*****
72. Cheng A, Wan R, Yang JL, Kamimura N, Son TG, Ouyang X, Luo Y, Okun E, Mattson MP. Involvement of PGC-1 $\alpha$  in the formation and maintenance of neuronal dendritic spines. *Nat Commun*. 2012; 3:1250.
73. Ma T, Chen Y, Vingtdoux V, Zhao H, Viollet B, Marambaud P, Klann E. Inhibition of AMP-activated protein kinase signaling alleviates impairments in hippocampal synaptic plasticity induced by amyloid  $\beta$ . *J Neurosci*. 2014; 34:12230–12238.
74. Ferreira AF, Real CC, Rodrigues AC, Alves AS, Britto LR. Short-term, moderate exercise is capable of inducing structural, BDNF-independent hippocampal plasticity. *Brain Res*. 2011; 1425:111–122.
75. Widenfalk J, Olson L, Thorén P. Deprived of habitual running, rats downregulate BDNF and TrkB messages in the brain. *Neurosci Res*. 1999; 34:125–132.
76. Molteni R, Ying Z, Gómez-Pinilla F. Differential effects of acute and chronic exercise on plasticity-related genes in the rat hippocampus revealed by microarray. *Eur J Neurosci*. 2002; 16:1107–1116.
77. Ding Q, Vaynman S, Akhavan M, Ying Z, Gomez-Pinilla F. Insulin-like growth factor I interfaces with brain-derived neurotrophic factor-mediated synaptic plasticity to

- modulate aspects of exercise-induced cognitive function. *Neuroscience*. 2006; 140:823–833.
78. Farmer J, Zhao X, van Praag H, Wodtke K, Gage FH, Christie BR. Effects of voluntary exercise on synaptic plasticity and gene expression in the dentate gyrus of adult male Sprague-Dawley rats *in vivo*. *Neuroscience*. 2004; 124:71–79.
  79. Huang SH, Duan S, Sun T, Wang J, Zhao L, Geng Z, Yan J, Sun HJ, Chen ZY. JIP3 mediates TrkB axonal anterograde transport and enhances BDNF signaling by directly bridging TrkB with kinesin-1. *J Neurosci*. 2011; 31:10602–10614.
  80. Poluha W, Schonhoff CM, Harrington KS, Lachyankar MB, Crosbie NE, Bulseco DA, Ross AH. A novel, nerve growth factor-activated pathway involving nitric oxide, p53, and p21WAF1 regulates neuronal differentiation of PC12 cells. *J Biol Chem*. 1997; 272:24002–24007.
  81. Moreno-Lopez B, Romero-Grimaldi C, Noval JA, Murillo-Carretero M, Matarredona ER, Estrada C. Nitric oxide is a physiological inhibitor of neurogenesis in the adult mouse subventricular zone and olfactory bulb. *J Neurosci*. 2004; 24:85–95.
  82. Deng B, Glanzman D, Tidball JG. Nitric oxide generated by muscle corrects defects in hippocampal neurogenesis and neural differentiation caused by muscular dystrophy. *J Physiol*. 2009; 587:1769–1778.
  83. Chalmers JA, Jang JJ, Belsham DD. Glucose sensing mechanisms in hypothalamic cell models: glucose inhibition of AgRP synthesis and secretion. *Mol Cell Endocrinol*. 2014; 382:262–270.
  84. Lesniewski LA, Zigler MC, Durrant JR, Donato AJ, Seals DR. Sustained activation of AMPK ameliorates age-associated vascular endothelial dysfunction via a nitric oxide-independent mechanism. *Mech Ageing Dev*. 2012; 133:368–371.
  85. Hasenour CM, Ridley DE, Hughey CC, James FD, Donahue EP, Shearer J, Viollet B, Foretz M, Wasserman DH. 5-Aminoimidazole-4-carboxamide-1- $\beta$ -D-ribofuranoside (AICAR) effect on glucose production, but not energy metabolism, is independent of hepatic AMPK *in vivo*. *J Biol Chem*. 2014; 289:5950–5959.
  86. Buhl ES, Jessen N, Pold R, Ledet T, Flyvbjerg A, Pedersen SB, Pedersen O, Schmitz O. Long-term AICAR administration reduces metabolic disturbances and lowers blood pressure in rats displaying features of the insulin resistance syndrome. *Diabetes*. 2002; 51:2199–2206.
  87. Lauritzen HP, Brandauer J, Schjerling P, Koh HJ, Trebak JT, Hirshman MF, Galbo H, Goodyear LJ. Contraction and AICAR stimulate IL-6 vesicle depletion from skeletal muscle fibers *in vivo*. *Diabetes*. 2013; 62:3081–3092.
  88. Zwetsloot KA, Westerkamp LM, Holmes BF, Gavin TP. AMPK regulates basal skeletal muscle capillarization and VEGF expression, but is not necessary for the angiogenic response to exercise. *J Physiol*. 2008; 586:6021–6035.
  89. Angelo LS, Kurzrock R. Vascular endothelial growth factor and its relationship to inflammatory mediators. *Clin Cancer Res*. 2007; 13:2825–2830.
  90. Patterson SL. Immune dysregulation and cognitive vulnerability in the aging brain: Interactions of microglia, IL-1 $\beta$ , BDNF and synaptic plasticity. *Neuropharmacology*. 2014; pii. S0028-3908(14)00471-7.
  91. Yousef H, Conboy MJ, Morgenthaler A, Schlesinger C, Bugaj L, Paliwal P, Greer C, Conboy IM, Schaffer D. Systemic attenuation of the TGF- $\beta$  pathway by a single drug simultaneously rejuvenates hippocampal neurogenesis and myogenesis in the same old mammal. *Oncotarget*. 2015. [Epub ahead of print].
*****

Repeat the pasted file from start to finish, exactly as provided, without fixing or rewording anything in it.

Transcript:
72. Cheng A, Wan R, Yang JL, Kamimura N, Son TG, Ouyang X, Luo Y, Okun E, Mattson MP. Involvement of PGC-1 $\alpha$  in the formation and maintenance of neuronal dendritic spines. *Nat Commun*. 2012; 3:1250.
73. Ma T, Chen Y, Vingtdoux V, Zhao H, Viollet B, Marambaud P, Klann E. Inhibition of AMP-activated protein kinase signaling alleviates impairments in hippocampal synaptic plasticity induced by amyloid  $\beta$ . *J Neurosci*. 2014; 34:12230–12238.
74. Ferreira AF, Real CC, Rodrigues AC, Alves AS, Britto LR. Short-term, moderate exercise is capable of inducing structural, BDNF-independent hippocampal plasticity. *Brain Res*. 2011; 1425:111–122.
75. Widenfalk J, Olson L, Thorén P. Deprived of habitual running, rats downregulate BDNF and TrkB messages in the brain. *Neurosci Res*. 1999; 34:125–132.
76. Molteni R, Ying Z, Gómez-Pinilla F. Differential effects of acute and chronic exercise on plasticity-related genes in the rat hippocampus revealed by microarray. *Eur J Neurosci*. 2002; 16:1107–1116.
77. Ding Q, Vaynman S, Akhavan M, Ying Z, Gomez-Pinilla F. Insulin-like growth factor I interfaces with brain-derived neurotrophic factor-mediated synaptic plasticity to

- modulate aspects of exercise-induced cognitive function. *Neuroscience*. 2006; 140:823–833.
78. Farmer J, Zhao X, van Praag H, Wodtke K, Gage FH, Christie BR. Effects of voluntary exercise on synaptic plasticity and gene expression in the dentate gyrus of adult male Sprague-Dawley rats *in vivo*. *Neuroscience*. 2004; 124:71–79.
  79. Huang SH, Duan S, Sun T, Wang J, Zhao L, Geng Z, Yan J, Sun HJ, Chen ZY. JIP3 mediates TrkB axonal anterograde transport and enhances BDNF signaling by directly bridging TrkB with kinesin-1. *J Neurosci*. 2011; 31:10602–10614.
  80. Poluha W, Schonhoff CM, Harrington KS, Lachyankar MB, Crosbie NE, Bulseco DA, Ross AH. A novel, nerve growth factor-activated pathway involving nitric oxide, p53, and p21WAF1 regulates neuronal differentiation of PC12 cells. *J Biol Chem*. 1997; 272:24002–24007.
  81. Moreno-Lopez B, Romero-Grimaldi C, Noval JA, Murillo-Carretero M, Matarredona ER, Estrada C. Nitric oxide is a physiological inhibitor of neurogenesis in the adult mouse subventricular zone and olfactory bulb. *J Neurosci*. 2004; 24:85–95.
  82. Deng B, Glanzman D, Tidball JG. Nitric oxide generated by muscle corrects defects in hippocampal neurogenesis and neural differentiation caused by muscular dystrophy. *J Physiol*. 2009; 587:1769–1778.
  83. Chalmers JA, Jang JJ, Belsham DD. Glucose sensing mechanisms in hypothalamic cell models: glucose inhibition of AgRP synthesis and secretion. *Mol Cell Endocrinol*. 2014; 382:262–270.
  84. Lesniewski LA, Zigler MC, Durrant JR, Donato AJ, Seals DR. Sustained activation of AMPK ameliorates age-associated vascular endothelial dysfunction via a nitric oxide-independent mechanism. *Mech Ageing Dev*. 2012; 133:368–371.
  85. Hasenour CM, Ridley DE, Hughey CC, James FD, Donahue EP, Shearer J, Viollet B, Foretz M, Wasserman DH. 5-Aminoimidazole-4-carboxamide-1- $\beta$ -D-ribofuranoside (AICAR) effect on glucose production, but not energy metabolism, is independent of hepatic AMPK *in vivo*. *J Biol Chem*. 2014; 289:5950–5959.
  86. Buhl ES, Jessen N, Pold R, Ledet T, Flyvbjerg A, Pedersen SB, Pedersen O, Schmitz O. Long-term AICAR administration reduces metabolic disturbances and lowers blood pressure in rats displaying features of the insulin resistance syndrome. *Diabetes*. 2002; 51:2199–2206.
  87. Lauritzen HP, Brandauer J, Schjerling P, Koh HJ, Trebak JT, Hirshman MF, Galbo H, Goodyear LJ. Contraction and AICAR stimulate IL-6 vesicle depletion from skeletal muscle fibers *in vivo*. *Diabetes*. 2013; 62:3081–3092.
  88. Zwetsloot KA, Westerkamp LM, Holmes BF, Gavin TP. AMPK regulates basal skeletal muscle capillarization and VEGF expression, but is not necessary for the angiogenic response to exercise. *J Physiol*. 2008; 586:6021–6035.
  89. Angelo LS, Kurzrock R. Vascular endothelial growth factor and its relationship to inflammatory mediators. *Clin Cancer Res*. 2007; 13:2825–2830.
  90. Patterson SL. Immune dysregulation and cognitive vulnerability in the aging brain: Interactions of microglia, IL-1 $\beta$ , BDNF and synaptic plasticity. *Neuropharmacology*. 2014; pii. S0028-3908(14)00471-7.
  91. Yousef H, Conboy MJ, Morgenthaler A, Schlesinger C, Bugaj L, Paliwal P, Greer C, Conboy IM, Schaffer D. Systemic attenuation of the TGF- $\beta$  pathway by a single drug simultaneously rejuvenates hippocampal neurogenesis and myogenesis in the same old mammal. *Oncotarget*. 2015. [Epub ahead of print].